BIPOC Film Program: Black Genre and Horror Films


Wes Andre Goodrich

Wes Andres Goodrich was a finalist in our inaugural BIPOC Filmmaker Fellowship. Goodrich is a Brooklyn-bred writer/director. Since graduating from Columbia University’s MFA Film Program, he has been on the festival circuit with his two shorts: Speak Up Brotha!, a musical romance in the style of ’90s Black films, and Palm Sunday, a southern gothic film about a Jamaican man attempting to assimilate into an all-white church in 1970s Raleigh, North Carolina, which won the Short Film Grand Prize at the Calgary International Film Festival. He is currently working on a short film, Meal Ticket, for Hillman Grad’s Rising Voices Fellowship, which will premiere at Tribeca this June, and he was selected by Filmmaker Magazine as one of the 2023 New Faces of Film.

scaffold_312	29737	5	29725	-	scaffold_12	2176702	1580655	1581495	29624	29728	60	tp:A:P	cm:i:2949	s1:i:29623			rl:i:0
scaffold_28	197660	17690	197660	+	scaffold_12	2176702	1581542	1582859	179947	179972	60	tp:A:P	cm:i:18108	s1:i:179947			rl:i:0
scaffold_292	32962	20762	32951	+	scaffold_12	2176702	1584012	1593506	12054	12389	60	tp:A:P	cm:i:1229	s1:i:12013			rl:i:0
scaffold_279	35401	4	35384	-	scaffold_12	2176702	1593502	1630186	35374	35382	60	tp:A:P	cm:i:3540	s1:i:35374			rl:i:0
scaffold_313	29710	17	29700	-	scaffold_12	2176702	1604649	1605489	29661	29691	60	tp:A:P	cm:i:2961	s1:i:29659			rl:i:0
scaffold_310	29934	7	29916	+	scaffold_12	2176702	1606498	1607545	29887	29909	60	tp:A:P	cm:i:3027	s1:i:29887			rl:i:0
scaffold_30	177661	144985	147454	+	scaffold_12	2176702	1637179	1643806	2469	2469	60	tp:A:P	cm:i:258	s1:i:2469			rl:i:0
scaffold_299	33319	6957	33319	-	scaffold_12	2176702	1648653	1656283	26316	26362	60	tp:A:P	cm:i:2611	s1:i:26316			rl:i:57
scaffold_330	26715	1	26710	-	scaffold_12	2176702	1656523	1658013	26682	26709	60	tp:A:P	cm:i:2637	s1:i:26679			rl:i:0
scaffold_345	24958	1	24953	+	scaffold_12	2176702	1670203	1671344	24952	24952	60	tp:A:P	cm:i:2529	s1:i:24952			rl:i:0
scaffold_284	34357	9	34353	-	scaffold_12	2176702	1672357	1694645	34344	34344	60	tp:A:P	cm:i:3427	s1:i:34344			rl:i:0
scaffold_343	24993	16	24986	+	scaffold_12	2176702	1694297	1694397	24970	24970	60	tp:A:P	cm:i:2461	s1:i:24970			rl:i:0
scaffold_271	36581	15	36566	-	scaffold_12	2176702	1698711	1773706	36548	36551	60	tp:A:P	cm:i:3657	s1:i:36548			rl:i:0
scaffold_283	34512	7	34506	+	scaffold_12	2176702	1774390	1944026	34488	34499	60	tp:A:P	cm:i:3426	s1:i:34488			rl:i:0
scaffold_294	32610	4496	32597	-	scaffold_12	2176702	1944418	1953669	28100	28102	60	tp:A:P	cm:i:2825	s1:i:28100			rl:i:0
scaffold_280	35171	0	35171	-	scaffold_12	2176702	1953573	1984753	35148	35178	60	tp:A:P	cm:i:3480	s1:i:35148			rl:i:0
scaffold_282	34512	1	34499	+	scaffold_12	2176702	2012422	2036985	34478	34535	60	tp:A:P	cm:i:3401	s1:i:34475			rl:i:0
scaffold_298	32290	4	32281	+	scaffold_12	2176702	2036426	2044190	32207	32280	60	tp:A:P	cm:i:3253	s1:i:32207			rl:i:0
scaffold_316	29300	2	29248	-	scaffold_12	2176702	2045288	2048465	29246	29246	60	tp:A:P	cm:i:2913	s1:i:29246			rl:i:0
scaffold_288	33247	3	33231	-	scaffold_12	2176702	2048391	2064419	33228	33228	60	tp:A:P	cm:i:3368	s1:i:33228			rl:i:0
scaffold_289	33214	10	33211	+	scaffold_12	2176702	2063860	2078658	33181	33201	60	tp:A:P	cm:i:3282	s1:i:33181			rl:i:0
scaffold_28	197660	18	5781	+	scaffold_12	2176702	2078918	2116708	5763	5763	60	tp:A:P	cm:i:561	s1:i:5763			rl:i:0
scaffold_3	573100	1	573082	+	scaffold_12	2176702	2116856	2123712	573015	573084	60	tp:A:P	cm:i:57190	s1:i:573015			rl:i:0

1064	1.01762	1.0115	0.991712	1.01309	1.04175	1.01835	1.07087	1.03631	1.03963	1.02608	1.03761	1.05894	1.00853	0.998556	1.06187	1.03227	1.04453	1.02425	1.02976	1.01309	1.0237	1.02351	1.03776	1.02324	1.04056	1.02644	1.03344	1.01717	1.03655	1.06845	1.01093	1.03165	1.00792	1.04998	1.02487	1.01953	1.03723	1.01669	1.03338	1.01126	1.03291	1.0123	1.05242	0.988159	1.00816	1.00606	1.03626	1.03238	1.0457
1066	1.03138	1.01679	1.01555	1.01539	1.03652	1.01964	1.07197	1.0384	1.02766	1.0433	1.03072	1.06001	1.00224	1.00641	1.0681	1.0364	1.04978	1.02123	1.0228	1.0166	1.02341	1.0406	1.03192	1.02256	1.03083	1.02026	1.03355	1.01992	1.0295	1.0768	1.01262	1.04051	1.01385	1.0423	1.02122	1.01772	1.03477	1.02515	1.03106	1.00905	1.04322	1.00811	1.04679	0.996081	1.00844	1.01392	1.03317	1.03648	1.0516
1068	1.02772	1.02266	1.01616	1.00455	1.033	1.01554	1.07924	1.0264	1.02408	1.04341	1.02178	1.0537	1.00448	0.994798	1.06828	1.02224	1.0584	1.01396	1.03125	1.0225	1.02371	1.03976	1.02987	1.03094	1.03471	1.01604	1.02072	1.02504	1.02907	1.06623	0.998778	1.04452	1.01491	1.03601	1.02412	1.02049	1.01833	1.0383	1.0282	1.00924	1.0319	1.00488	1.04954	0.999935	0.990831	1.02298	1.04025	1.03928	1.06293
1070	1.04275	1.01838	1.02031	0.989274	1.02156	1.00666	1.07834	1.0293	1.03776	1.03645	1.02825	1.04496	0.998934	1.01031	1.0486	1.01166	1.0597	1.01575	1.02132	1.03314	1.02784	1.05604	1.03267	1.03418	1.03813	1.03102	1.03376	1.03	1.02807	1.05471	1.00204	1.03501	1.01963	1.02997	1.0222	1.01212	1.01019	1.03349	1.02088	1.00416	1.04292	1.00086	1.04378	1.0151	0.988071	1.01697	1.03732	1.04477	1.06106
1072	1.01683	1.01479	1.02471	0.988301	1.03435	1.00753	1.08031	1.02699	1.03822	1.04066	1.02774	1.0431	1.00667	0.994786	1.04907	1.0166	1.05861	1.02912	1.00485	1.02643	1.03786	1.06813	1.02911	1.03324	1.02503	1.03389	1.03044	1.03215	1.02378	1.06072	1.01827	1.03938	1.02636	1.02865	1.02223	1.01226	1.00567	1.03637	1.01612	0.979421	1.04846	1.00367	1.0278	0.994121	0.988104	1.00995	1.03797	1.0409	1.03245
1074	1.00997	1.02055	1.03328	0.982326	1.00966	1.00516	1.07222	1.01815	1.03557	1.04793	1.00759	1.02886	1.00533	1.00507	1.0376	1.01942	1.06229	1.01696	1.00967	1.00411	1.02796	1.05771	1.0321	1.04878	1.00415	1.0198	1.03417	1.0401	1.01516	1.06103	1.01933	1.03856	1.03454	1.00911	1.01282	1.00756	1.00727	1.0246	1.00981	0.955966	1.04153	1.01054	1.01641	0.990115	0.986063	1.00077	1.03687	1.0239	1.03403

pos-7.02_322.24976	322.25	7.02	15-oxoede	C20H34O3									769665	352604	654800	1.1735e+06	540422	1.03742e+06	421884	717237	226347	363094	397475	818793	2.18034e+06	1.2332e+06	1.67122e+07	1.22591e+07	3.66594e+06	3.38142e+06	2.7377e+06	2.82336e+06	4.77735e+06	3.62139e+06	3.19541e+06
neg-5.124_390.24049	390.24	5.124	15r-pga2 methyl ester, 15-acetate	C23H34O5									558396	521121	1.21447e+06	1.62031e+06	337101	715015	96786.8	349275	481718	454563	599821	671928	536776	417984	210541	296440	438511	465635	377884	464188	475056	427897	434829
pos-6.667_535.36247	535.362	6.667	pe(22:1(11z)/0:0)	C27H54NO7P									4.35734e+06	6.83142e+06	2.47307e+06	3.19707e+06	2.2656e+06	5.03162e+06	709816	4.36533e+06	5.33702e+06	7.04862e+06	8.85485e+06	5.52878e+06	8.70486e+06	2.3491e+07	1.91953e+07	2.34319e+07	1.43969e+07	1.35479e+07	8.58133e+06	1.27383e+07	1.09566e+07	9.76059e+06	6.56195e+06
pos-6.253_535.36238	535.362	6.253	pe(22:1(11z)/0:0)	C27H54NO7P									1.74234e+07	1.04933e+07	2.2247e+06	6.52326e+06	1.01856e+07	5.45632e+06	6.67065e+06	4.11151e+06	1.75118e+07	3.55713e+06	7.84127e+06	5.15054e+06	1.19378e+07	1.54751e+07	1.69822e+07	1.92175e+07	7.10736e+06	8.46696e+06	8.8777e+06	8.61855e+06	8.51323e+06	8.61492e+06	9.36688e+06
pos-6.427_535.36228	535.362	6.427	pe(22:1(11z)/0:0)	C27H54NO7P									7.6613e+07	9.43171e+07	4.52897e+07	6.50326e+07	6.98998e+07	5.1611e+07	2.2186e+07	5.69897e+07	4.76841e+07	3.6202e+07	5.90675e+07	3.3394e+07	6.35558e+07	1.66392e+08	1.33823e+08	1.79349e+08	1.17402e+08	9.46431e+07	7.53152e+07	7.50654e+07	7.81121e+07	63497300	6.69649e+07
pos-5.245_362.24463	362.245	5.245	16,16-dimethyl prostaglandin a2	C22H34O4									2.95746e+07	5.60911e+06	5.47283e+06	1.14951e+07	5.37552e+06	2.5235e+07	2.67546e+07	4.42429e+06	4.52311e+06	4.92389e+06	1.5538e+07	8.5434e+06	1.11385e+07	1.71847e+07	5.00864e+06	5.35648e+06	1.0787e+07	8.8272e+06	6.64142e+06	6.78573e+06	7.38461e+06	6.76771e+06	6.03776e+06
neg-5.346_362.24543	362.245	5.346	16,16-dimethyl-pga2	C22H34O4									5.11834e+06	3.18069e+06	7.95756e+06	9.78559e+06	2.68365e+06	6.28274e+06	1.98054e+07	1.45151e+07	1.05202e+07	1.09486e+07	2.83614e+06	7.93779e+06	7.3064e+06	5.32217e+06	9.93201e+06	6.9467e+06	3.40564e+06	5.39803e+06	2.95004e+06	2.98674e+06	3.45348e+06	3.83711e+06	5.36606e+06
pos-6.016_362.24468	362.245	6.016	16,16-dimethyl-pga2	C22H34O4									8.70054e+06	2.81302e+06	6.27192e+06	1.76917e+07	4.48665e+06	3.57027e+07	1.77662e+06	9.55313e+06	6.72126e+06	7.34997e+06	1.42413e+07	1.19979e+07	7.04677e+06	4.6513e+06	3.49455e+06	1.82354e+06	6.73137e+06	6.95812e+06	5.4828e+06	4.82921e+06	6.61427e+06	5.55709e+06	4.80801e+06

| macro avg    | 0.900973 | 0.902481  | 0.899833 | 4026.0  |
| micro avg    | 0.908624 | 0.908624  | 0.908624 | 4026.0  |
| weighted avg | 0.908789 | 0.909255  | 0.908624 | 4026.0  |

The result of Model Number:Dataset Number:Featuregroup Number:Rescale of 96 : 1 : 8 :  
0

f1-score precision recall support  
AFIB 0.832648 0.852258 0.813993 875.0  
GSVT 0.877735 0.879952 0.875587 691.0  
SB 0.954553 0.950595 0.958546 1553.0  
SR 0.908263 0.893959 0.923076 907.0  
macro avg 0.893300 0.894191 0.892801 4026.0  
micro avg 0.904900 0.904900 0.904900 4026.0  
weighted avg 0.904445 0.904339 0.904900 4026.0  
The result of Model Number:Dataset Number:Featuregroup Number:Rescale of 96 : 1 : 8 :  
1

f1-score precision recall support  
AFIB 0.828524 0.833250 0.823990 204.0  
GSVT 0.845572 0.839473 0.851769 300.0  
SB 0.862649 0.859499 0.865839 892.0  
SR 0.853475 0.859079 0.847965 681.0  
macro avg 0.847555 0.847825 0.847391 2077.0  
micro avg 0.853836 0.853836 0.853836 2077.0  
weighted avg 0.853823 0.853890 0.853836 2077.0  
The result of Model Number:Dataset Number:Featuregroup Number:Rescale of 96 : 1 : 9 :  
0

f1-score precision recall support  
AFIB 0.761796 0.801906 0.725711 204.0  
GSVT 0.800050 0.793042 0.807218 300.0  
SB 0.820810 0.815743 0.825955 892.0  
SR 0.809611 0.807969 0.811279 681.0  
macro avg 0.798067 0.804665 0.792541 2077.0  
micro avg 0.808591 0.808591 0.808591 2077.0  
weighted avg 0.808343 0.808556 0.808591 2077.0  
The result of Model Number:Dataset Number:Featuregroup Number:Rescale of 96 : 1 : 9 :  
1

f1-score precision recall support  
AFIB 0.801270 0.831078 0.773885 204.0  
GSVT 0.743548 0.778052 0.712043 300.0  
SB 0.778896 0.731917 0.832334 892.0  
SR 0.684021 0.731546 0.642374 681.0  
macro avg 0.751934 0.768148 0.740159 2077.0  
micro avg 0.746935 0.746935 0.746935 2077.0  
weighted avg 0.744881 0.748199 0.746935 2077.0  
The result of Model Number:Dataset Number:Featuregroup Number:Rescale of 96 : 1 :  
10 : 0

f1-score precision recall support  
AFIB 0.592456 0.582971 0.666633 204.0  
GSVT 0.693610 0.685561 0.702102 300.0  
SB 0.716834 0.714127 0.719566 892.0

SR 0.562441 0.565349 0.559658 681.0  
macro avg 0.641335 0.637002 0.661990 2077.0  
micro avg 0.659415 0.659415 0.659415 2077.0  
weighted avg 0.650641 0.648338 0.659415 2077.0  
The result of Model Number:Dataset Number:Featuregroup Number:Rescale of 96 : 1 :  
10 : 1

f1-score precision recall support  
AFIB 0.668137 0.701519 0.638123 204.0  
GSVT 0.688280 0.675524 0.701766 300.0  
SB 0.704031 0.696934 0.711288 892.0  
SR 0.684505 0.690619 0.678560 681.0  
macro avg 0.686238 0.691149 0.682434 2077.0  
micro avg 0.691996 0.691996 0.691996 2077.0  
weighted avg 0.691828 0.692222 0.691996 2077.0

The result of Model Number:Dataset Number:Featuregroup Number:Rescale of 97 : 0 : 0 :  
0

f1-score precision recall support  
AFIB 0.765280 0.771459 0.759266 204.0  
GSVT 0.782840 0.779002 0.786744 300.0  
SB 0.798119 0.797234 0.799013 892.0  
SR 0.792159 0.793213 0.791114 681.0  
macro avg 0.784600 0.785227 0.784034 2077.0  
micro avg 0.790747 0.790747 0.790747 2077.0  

Goodrich feels the best directors are great samplers, knowing the lineage their movie exists within and recontextualizing visual ideas to say something new and unique. As a filmmaker, he is drawn to the 1970s Black genre films that lock you firmly in the subjective world of the protagonists and horror and thriller films that are uniquely situated to talk directly about societal anxieties, particularly of underrepresented communities. Following a screening of his short films Speak Up Brotha! and Palm Sunday, Wes will be joined by Jim Steele of WSNC Radio to discuss how genre films connect across cultures and time and inspire his filmmaking.